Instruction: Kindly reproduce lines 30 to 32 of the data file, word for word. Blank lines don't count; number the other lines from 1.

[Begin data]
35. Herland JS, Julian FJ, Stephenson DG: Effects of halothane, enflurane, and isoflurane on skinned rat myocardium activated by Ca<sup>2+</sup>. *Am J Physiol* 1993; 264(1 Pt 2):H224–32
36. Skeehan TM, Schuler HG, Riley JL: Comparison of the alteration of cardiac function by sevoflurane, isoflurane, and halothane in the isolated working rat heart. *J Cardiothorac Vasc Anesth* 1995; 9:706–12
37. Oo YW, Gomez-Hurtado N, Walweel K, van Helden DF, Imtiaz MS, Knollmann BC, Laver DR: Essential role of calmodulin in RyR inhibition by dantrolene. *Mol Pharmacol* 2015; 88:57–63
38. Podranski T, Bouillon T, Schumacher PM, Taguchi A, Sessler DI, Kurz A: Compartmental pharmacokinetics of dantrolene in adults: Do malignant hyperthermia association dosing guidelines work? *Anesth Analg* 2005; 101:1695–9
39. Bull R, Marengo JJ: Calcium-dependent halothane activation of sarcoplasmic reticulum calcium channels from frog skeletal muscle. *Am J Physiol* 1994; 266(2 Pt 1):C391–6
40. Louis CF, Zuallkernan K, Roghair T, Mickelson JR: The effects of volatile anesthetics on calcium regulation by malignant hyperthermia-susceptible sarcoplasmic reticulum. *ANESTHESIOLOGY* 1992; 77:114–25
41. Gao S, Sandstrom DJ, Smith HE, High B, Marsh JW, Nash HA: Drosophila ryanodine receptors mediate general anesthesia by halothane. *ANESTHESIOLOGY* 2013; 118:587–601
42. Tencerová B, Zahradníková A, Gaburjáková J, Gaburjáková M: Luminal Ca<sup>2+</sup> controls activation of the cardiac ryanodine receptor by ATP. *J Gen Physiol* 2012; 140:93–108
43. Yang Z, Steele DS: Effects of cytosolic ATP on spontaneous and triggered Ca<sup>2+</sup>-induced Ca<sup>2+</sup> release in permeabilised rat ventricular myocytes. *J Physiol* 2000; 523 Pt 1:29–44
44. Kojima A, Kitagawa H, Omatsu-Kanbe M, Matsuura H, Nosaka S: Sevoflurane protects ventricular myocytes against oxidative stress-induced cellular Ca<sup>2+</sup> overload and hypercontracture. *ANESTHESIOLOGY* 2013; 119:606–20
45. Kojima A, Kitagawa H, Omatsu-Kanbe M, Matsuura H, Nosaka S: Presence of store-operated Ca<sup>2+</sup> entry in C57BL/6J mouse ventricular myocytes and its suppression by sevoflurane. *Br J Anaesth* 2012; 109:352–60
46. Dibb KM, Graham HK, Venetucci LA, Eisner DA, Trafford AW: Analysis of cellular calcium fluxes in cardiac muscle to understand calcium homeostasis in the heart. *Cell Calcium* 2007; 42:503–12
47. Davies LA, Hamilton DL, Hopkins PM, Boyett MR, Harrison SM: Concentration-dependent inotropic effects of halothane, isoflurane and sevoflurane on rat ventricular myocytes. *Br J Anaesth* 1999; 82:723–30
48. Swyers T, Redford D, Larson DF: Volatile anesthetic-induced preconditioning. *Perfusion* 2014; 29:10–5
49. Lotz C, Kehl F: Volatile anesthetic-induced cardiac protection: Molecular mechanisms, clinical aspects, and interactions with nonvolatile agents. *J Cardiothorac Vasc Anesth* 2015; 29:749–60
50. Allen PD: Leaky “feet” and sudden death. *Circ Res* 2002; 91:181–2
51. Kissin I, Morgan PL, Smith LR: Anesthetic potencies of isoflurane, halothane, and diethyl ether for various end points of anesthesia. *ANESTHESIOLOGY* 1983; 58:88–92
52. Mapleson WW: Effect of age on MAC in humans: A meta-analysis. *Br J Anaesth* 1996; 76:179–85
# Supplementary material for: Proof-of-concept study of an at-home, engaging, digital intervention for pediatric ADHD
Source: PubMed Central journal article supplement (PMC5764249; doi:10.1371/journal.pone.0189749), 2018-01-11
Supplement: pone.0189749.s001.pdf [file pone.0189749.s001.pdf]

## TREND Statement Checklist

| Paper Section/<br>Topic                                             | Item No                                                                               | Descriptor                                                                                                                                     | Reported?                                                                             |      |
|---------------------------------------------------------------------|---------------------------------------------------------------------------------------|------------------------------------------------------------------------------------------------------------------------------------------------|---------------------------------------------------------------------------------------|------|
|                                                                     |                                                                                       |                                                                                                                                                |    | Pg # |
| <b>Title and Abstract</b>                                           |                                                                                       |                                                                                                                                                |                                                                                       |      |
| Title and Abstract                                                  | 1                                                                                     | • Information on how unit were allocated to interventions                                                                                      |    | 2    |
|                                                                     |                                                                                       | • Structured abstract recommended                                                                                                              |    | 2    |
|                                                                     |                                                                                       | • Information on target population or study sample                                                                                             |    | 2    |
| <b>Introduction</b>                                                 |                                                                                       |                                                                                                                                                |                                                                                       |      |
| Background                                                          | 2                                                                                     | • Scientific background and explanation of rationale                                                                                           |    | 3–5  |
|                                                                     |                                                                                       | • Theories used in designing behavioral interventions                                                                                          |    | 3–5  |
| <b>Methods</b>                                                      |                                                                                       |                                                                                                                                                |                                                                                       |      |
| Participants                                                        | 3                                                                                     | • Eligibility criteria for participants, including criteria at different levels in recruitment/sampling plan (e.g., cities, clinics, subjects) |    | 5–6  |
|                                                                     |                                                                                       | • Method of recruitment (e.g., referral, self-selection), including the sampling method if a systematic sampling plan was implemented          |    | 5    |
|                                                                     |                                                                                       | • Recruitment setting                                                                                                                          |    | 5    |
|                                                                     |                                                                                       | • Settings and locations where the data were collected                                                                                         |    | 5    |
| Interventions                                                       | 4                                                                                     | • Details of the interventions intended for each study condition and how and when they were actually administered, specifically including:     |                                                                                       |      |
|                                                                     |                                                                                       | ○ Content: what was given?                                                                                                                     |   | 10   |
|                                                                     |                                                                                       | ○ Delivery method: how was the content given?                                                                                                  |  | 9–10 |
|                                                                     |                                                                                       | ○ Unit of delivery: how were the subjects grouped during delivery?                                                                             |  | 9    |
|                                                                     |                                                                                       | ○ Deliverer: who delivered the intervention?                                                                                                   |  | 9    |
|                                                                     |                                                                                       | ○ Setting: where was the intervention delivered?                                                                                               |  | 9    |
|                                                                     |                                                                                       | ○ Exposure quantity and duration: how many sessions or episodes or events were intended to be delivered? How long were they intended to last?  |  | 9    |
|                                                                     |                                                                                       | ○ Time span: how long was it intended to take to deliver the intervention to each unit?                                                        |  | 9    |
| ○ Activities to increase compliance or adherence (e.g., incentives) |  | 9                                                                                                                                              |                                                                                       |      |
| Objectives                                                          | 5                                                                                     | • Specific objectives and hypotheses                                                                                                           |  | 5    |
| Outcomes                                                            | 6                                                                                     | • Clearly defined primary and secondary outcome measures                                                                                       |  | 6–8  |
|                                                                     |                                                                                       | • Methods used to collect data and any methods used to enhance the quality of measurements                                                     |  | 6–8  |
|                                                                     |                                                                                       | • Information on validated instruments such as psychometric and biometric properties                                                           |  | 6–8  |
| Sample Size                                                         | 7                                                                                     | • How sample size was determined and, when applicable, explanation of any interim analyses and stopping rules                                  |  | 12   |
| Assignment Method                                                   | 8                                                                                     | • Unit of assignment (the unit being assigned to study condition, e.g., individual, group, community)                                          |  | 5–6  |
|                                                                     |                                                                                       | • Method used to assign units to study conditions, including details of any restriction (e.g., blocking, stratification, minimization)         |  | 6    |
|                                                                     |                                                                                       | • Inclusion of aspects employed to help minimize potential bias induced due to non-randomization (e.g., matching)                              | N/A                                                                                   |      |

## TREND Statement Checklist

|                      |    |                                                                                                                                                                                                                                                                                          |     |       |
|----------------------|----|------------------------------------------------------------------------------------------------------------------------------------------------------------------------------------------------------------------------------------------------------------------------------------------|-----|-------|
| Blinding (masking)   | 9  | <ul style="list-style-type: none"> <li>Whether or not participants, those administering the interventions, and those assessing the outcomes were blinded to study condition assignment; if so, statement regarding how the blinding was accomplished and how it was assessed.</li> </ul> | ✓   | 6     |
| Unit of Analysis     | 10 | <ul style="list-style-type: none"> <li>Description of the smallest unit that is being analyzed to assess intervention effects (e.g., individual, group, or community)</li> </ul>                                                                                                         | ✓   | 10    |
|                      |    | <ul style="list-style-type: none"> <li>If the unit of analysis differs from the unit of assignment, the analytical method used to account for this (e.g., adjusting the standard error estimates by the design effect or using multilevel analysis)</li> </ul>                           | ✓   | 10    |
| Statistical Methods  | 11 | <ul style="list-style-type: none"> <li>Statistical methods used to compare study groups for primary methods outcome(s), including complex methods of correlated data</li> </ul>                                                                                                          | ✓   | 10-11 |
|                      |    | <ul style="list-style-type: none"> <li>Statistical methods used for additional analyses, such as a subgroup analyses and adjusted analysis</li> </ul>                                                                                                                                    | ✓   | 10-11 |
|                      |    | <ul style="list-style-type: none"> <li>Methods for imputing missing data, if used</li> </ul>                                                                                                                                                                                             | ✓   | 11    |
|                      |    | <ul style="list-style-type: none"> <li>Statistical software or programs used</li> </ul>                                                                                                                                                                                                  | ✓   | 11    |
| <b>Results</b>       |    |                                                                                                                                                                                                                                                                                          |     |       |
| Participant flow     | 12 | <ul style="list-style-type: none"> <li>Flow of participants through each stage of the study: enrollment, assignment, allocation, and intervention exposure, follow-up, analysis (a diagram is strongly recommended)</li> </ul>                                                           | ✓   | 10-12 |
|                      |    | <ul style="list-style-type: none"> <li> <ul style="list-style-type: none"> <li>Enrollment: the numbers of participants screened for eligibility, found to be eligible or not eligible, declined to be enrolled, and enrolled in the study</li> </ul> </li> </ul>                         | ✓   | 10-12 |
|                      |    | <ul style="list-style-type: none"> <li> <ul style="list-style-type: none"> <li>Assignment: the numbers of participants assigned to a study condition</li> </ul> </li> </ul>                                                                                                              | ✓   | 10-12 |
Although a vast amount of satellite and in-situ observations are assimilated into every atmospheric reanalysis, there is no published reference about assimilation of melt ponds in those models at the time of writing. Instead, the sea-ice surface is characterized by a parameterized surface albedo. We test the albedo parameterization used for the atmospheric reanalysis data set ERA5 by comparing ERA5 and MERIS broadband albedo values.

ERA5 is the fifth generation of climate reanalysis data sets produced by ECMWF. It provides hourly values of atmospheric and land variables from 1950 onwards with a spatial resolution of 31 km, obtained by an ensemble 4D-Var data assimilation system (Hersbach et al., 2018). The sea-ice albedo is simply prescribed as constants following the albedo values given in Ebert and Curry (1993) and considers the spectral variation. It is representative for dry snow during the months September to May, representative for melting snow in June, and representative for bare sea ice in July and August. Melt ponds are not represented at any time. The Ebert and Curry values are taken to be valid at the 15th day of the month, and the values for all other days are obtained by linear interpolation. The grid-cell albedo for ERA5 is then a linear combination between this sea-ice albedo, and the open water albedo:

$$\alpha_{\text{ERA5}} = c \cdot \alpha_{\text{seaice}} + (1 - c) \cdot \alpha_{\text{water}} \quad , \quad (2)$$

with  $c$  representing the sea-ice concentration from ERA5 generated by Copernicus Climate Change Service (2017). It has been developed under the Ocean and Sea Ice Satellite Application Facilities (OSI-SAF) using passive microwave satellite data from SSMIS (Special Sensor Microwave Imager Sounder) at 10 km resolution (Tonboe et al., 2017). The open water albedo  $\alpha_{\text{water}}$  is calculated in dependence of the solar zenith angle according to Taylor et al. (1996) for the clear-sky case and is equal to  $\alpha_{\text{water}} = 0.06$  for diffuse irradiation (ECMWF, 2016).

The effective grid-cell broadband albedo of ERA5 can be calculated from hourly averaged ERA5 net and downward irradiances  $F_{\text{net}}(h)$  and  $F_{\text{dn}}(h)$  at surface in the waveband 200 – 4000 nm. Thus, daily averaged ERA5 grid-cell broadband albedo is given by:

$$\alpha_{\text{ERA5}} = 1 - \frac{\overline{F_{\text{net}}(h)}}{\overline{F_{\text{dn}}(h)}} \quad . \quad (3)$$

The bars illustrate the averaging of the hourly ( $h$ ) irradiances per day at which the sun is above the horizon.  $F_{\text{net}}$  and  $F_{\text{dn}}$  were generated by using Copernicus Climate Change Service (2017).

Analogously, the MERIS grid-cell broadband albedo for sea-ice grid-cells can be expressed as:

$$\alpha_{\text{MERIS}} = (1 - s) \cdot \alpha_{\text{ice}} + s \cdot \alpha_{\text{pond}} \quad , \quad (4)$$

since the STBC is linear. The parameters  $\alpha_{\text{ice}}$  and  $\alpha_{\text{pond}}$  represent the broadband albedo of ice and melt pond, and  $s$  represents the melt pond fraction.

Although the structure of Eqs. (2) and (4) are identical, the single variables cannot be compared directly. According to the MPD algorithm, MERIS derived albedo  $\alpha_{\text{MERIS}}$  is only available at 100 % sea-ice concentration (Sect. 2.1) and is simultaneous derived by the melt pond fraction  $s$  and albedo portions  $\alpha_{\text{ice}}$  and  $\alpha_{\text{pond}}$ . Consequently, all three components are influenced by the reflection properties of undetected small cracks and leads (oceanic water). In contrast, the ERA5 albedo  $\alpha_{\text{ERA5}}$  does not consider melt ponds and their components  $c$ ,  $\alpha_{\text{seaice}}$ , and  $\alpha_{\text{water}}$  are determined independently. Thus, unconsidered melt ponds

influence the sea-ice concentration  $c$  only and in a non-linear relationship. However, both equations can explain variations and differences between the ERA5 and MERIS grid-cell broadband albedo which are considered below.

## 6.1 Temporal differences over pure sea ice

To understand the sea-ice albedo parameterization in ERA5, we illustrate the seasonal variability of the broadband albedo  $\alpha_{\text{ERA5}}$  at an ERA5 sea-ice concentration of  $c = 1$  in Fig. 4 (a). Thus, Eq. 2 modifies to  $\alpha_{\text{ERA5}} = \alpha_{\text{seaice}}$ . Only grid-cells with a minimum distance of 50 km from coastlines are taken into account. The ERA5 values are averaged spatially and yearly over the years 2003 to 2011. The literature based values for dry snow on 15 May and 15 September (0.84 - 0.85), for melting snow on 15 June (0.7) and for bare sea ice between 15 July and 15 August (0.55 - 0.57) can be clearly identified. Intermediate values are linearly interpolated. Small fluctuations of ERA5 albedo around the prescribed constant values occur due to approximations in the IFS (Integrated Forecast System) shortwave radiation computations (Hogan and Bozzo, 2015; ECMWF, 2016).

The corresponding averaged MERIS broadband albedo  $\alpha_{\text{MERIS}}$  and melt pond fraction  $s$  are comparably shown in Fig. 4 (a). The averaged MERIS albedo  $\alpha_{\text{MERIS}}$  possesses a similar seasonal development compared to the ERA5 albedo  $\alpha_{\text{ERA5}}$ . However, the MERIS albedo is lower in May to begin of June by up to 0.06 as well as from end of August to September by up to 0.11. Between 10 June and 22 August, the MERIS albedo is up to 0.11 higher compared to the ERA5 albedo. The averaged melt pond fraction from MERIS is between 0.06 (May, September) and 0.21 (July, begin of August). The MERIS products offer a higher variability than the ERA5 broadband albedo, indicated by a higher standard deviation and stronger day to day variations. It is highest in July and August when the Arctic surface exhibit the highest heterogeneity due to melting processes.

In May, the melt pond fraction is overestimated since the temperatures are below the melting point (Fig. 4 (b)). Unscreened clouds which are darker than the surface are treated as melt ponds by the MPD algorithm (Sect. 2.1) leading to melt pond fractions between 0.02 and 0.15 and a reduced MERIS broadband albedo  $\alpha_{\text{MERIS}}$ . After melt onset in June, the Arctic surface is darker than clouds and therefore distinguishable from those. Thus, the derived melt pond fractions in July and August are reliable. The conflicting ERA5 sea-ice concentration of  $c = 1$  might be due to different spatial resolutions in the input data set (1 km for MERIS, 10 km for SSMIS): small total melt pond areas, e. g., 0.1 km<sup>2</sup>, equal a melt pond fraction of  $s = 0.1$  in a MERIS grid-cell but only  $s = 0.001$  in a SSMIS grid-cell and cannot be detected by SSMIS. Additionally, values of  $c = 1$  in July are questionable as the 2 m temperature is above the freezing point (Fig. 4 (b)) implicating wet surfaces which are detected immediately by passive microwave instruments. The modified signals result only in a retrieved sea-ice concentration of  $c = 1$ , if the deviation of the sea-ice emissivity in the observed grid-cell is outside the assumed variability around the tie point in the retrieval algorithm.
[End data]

| <b>Introduction</b>                                                 |                                                                                       |                                                                                                                                                |                                                                                       |      |
| Background                                                          | 2                                                                                     | • Scientific background and explanation of rationale                                                                                           |    | 3–5  |
|                                                                     |                                                                                       | • Theories used in designing behavioral interventions                                                                                          |    | 3–5  |